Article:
Both RDX and HMX have been proposed for inclusion as suspected carcinogens and reproductive toxins, and by virtue of their wide dispersive use and emissions into the environment, and worker exposures. Given the widespread use of RDX and HMX in explosive weapons, the outcome of this process could prove significant. However, it should be noted that although residual contamination at military ranges caused by the firing, detonation and disposal of munitions containing these substances is well documented, due to obvious constraints, the environmental impact from their use in conflict zones is less well studied.
REACH beyond Brexit
At September’s meeting of the UK Chemicals Stakeholder Forum, it was revealed that the UK’s final post-Brexit chemicals strategy is not expected until 2022; inevitably it too will include future UK exemptions for substances used in defence. This would also reflect the Environment Bill, which will require that ministers make ‘…policy in due regard to the policy statement on environmental principles currently in effect’.4 The government’s current policy statement addresses core values such as prevention, the precautionary principle and polluter pays but the statement’s aims will not apply to policy decisions relating to the armed forces, defence or national security.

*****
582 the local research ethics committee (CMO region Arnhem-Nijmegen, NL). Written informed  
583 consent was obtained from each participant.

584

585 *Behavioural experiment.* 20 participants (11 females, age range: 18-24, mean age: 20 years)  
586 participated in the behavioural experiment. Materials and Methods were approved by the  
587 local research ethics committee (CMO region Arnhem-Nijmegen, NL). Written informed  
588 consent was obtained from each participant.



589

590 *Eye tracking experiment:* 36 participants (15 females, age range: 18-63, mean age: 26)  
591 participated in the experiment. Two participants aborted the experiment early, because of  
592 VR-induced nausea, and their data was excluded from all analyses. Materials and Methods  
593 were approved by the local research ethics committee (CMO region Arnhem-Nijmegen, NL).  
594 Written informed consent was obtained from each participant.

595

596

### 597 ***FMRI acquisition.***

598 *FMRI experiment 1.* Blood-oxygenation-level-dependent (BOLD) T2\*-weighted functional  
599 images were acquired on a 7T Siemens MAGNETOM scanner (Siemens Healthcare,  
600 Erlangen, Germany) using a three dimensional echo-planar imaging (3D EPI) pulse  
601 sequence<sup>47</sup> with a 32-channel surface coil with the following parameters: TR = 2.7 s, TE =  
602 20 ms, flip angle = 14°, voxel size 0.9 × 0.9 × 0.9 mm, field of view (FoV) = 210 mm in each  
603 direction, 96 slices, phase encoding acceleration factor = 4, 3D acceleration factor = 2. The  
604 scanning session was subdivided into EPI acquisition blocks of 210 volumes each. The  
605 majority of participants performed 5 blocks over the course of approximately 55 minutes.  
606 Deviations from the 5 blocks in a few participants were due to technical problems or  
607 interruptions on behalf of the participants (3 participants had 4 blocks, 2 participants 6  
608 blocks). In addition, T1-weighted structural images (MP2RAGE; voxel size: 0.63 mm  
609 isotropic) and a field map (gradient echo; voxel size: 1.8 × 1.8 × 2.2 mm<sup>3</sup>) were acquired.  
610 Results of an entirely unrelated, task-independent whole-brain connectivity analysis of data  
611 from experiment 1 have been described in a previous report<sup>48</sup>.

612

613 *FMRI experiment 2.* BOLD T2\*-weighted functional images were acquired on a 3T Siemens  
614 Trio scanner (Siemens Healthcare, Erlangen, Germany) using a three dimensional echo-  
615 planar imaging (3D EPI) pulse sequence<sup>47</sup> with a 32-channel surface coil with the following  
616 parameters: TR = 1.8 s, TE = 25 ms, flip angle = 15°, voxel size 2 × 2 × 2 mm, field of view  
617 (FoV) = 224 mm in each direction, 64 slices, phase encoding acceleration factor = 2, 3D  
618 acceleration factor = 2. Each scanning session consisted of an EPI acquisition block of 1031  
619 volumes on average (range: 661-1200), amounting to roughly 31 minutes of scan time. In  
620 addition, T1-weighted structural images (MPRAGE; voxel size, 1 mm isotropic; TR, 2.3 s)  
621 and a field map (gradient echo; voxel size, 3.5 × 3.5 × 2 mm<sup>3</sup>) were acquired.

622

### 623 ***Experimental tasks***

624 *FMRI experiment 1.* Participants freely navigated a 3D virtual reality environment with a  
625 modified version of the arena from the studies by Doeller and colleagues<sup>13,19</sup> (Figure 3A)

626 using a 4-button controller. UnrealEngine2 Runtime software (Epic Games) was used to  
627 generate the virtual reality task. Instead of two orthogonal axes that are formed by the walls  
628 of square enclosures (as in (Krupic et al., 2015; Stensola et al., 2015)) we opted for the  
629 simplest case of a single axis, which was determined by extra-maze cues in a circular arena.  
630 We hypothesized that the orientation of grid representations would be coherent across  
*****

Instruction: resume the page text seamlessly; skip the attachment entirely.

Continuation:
Taking evidence on the earlier draft Environment Bill and on the policy statement that would guide the government’s interpretation of it, in April 2019 parliament’s Environmental Audit Committee expressed concerns about the blanket defence exemption. The then environment minister Michael Gove sought to reassure MPs that the MoD “…would be subject to the full weight of environmental law as a landowner, but there would be certain areas of national security and defence where it would be unnecessary for the Office of Environmental Protection to have a role.” One such area exempt from scrutiny by the UK’s proposed post-Brexit environmental watchdog could be chemicals regulation within the MoD.
Greener UK, a coalition of 14 major environmental charities, maintains a risk tracker on how environmental protection may change after Brexit. Since the beginning of this year, all of its environmental topics have hit the ‘high-risk’ category. The shape of any future Brexit will be critical for future regulation but the tracker notes that: